She transformed Purdue’s Minority Engineering Program into a national model that has been replicated at major universities throughout the nation.  She has mentored thousands of minority students here at Purdue and across the country, and has helped over 2,300 students of color graduate with their engineering degrees. Many of her students have gone on to stellar careers in engineering, education, and business.

In recognition of Marion Blalock and her many contributions to the University, the College of Engineering, and the Minority Engineering Program, 7 donors led the way in establishing the “Marion Blalock Endowment” to support recruitment and retention programs in MEP. Her legacy lives on through this endowment and continues to support the critical outreach efforts.  In 2016, 61 attendees to the Summer Engineering Workshops received scholarship support through the Blalock Endowment.

Marion’s legacy is also that of a national leader who served as a member of the steering committee which developed the structure and vision of the National Association of Multicultural Engineering Program Advocates (NAMEPA). She served in various roles within the leadership within this organization including President in 1983 – 1984. Beyond this service, she has also advised other organizations, most notably as a founding national advisor to the National Society of Black Engineers. At the 2016 NAMEPA National Conference, Marion was honored with the Legacy Champion Award as a pillar of NAMEPA community who has had an extraordinary impact locally and nationally through her dedicated service in fulfilling the NAMEPA mission.

If you would like to contribute to the Marion Blalock Endowment and support academically excellent and diverse undergraduate engineering students, please go to the following link: http://bit.ly/blalockendowment. One of the pillars of Marion’s legacy at Purdue is the Summer Engineering Workshops. Find out more and sign up students for an incredible engineering discovery and learning experience as designed by Ms. Blalock at this link.

Come Celebrate with Us: Black History Month 2017

February has been designated as Black History Month by every president since Gerald Ford in 1976. In his official recognition of Black History Month, he urged the nation to “seize the opportunity to honor the too-often neglected accomplishments of black Americans in every area of endeavor throughout history.” Carter Woodson, a Harvard grad and activist, was intrinsic in the founding of the Association for the Study of African American Life and History which began celebrating and promoting Negro History Week in 1926. After an overwhelming and nationwide acceptance of the celebration week, Woodson pushed for the week to be changed to a whole month-long celebration, stating that the accomplishments of black Americans should be celebrated throughout the whole year and that one week was not long enough to celebrate. Therefore, in 1976, Negro History Week was nationally recognized as Black History Month.

In 1894, David Robert Lewis became the first black graduate from Purdue University with a B.S. in Civil Engineering. Between Lewis’ graduation in 1894 and the 1970s, not much progress had been made in percentage of black students in the engineering program. Because of this, Edward Barnett and Fred Cooper approached the dean of engineering in 1971 with ideas to help and support black engineers and in 1975 the National Society of Black Engineers was officially founded in universities across the nation. In 1974, the Minority Engineering Program was created at Purdue with Marion Blalock as the head of the program. With more programs created specifically for black engineering students, retention and enrollment rates have risen in the engineering program.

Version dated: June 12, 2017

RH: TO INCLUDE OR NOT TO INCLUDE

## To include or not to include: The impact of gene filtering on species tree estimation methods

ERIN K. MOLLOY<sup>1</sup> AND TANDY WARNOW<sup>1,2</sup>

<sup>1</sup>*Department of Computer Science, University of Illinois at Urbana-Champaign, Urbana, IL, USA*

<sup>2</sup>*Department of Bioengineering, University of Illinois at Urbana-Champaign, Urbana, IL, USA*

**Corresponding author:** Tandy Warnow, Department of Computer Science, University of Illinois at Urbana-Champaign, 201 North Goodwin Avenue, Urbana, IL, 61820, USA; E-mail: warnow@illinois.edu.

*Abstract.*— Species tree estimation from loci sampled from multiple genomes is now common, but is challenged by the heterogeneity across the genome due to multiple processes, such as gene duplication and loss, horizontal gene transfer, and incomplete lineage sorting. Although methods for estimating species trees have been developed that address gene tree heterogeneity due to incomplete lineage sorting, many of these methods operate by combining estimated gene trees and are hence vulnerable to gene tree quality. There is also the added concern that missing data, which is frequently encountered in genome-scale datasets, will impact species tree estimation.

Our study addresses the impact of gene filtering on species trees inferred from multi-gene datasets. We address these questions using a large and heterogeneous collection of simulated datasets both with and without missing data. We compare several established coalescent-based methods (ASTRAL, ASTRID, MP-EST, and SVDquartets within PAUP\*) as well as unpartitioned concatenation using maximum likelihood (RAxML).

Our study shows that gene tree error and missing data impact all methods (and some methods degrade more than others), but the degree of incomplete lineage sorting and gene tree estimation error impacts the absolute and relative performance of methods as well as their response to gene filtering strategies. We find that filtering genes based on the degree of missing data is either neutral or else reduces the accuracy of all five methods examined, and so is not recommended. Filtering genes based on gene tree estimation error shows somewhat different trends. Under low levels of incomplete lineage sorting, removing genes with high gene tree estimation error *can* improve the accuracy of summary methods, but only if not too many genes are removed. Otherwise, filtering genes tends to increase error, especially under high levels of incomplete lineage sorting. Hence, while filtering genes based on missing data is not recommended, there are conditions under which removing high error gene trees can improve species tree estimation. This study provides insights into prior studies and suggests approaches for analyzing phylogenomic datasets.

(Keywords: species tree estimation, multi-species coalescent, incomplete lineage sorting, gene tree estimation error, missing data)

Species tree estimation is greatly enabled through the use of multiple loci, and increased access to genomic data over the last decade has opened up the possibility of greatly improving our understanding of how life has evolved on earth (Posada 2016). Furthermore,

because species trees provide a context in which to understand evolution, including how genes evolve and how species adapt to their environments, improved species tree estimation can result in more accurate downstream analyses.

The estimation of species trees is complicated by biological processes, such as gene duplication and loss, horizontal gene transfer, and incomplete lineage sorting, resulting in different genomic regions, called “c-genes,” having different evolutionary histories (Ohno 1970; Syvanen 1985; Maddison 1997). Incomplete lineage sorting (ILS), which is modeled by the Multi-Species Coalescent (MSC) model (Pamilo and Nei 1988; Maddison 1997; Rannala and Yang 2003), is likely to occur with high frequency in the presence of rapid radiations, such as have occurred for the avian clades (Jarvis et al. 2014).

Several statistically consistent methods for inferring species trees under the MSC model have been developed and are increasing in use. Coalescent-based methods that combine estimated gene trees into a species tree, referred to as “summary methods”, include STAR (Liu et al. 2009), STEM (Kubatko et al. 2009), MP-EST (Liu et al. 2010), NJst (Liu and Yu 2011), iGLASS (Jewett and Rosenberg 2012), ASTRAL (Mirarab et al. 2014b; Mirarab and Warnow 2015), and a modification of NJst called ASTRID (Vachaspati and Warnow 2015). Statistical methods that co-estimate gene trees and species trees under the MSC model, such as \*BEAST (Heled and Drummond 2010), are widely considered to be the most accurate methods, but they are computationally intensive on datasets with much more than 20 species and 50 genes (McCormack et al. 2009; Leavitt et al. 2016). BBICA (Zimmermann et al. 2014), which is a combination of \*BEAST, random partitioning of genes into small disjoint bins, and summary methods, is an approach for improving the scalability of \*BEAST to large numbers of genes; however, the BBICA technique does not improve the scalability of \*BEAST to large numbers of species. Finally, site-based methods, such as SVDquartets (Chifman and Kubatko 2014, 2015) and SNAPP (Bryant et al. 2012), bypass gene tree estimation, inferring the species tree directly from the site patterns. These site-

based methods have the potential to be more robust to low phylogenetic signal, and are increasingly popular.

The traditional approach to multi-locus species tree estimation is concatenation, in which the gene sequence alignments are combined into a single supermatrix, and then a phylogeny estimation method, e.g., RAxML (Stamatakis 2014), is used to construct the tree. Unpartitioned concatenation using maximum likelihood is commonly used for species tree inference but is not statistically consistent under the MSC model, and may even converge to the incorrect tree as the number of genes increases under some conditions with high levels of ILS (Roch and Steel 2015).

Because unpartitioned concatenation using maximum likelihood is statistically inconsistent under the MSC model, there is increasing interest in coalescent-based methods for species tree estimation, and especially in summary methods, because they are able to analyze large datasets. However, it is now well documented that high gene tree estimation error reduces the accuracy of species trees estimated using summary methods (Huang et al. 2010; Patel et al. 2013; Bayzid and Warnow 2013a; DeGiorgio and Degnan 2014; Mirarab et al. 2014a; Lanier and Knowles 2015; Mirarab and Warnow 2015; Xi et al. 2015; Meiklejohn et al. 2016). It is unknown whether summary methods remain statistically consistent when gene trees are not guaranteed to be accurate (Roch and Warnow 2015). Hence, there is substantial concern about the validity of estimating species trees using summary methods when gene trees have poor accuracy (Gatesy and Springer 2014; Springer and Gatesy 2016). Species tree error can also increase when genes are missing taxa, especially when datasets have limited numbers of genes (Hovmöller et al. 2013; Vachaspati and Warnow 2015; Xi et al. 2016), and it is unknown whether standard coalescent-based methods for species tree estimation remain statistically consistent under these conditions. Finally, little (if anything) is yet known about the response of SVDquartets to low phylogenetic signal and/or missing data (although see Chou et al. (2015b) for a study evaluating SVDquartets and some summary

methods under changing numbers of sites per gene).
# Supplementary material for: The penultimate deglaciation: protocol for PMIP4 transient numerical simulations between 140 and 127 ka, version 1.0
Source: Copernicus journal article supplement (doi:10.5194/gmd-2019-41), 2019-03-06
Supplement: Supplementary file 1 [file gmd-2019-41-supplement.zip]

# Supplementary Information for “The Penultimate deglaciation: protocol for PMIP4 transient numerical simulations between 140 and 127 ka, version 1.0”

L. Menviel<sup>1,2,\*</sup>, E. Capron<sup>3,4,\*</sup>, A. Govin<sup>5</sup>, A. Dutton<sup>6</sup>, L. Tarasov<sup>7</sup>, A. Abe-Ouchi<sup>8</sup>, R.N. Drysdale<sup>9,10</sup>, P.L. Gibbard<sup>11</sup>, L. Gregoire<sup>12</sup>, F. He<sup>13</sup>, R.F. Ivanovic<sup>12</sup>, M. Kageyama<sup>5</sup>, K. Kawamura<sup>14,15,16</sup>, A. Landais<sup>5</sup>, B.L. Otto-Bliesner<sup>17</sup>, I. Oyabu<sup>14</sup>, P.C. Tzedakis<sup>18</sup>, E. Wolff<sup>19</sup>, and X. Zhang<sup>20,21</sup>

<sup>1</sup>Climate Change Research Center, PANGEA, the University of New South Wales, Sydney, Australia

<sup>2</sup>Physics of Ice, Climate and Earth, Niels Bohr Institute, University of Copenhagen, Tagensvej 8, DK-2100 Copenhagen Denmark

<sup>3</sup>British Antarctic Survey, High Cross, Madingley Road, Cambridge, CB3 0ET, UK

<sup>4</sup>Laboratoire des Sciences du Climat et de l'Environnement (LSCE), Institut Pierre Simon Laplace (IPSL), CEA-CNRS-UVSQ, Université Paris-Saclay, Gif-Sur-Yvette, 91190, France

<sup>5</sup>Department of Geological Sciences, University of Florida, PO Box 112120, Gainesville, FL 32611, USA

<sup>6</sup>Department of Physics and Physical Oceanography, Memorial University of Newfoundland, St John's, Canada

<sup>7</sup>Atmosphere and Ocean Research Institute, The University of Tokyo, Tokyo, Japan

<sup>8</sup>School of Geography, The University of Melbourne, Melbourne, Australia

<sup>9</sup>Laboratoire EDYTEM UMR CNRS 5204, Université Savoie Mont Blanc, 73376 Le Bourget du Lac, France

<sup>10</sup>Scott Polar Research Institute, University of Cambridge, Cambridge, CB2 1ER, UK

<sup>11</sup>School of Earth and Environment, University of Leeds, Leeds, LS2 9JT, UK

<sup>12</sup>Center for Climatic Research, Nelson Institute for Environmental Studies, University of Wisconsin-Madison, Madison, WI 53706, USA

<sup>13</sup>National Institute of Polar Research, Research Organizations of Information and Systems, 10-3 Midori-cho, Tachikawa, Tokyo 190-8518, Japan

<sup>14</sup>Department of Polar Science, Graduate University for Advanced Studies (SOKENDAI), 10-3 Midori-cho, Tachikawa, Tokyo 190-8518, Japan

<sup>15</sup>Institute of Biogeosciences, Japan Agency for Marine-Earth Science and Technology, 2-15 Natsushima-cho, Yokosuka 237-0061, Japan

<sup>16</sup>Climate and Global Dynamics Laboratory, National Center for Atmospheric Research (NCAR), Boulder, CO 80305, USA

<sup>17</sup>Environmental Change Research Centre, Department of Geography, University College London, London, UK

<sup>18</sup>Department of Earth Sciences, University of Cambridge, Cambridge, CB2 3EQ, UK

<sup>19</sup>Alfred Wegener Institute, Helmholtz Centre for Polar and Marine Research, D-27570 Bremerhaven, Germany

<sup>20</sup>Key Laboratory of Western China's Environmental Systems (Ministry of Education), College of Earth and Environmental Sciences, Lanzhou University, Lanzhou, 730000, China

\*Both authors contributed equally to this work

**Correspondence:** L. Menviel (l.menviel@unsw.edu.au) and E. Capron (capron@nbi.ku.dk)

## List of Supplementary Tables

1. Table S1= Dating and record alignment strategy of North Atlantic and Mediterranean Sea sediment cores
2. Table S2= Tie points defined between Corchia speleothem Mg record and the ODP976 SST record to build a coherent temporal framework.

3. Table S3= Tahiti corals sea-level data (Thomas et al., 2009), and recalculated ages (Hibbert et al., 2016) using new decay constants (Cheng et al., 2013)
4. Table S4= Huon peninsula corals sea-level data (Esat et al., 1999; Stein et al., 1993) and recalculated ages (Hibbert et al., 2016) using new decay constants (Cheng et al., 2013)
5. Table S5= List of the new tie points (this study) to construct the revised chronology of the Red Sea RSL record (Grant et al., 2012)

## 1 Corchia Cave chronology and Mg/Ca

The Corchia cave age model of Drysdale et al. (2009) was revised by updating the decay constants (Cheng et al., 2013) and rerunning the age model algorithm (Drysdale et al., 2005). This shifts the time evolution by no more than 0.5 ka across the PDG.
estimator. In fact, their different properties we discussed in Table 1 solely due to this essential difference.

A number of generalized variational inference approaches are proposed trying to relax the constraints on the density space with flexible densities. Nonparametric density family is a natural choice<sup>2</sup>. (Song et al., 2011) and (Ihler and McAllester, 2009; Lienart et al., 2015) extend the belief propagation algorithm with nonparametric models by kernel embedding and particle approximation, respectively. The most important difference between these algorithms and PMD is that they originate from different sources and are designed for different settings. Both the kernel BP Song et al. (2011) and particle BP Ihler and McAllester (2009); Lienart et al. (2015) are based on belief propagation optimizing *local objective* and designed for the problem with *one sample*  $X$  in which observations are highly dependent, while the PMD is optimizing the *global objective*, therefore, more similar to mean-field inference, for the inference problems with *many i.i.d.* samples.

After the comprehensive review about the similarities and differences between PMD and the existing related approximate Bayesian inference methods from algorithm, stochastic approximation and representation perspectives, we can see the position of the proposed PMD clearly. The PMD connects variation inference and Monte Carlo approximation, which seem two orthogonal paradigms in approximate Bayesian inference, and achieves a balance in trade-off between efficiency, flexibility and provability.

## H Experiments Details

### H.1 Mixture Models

Celebrate the accomplishments and progress of black engineers at and from Purdue with us this month!

Student Feature: Flor Albornoz

Flor Albornoz
Hometown: Lima, Peru
Major: Electrical Engineering
Year: Senior

What does it mean to be a minority studying Engineering at Purdue?

It means to defeat the stereotype that Hispanics can’t achieve higher education and pave the way for younger generations to be role models.

Why did you choose to study engineering here at Purdue?

I chose engineering because it is a challenging major focuses on improving people’s day to day lives through technology. Moreover, the competitive engineering program allows me gain the skills to make a difference in our community.

Do you have advice for a prospective Hispanic student looking at Purdue? What do you wish you would have known?

I wish I would have known that it was O.K. I was not the same as my peers. For a couple of years, I tried to behave like my peers and I even stayed away from Hispanic culture because it wasn’t the norm. Little did I know, what drives me to achieve my major is seeing Hispanic students work hard to achieving goals that in our communities might seem impossible. Being culturally different is an advantage, not disadvantage. Purdue will push the boundaries of your comfort zone whether that is academically or personally. That’s a good thing because it means you are growing as a person and making yourself stronger. Imposter syndrome might be easy to fall into, but know that you deserve to be in this institution as much as your peers. Your success, drive and knowledge is what allowed you to be at Purdue. Don’t let anyone tell you otherwise.

What is something you would have done different during your first year? (If this is your first year, what would you have done differently before coming to Purdue?)

I would have done things at my own pace and seek for help in classes rather than pretend I understood all the material. I remember my peers would get the material very fast and put little to no effort on first year engineering classes while it would take me 10 times the effort they put to get close the same results. I tried very hard to not be seen as the minority student who was a slow learner so I let myself be influenced by that.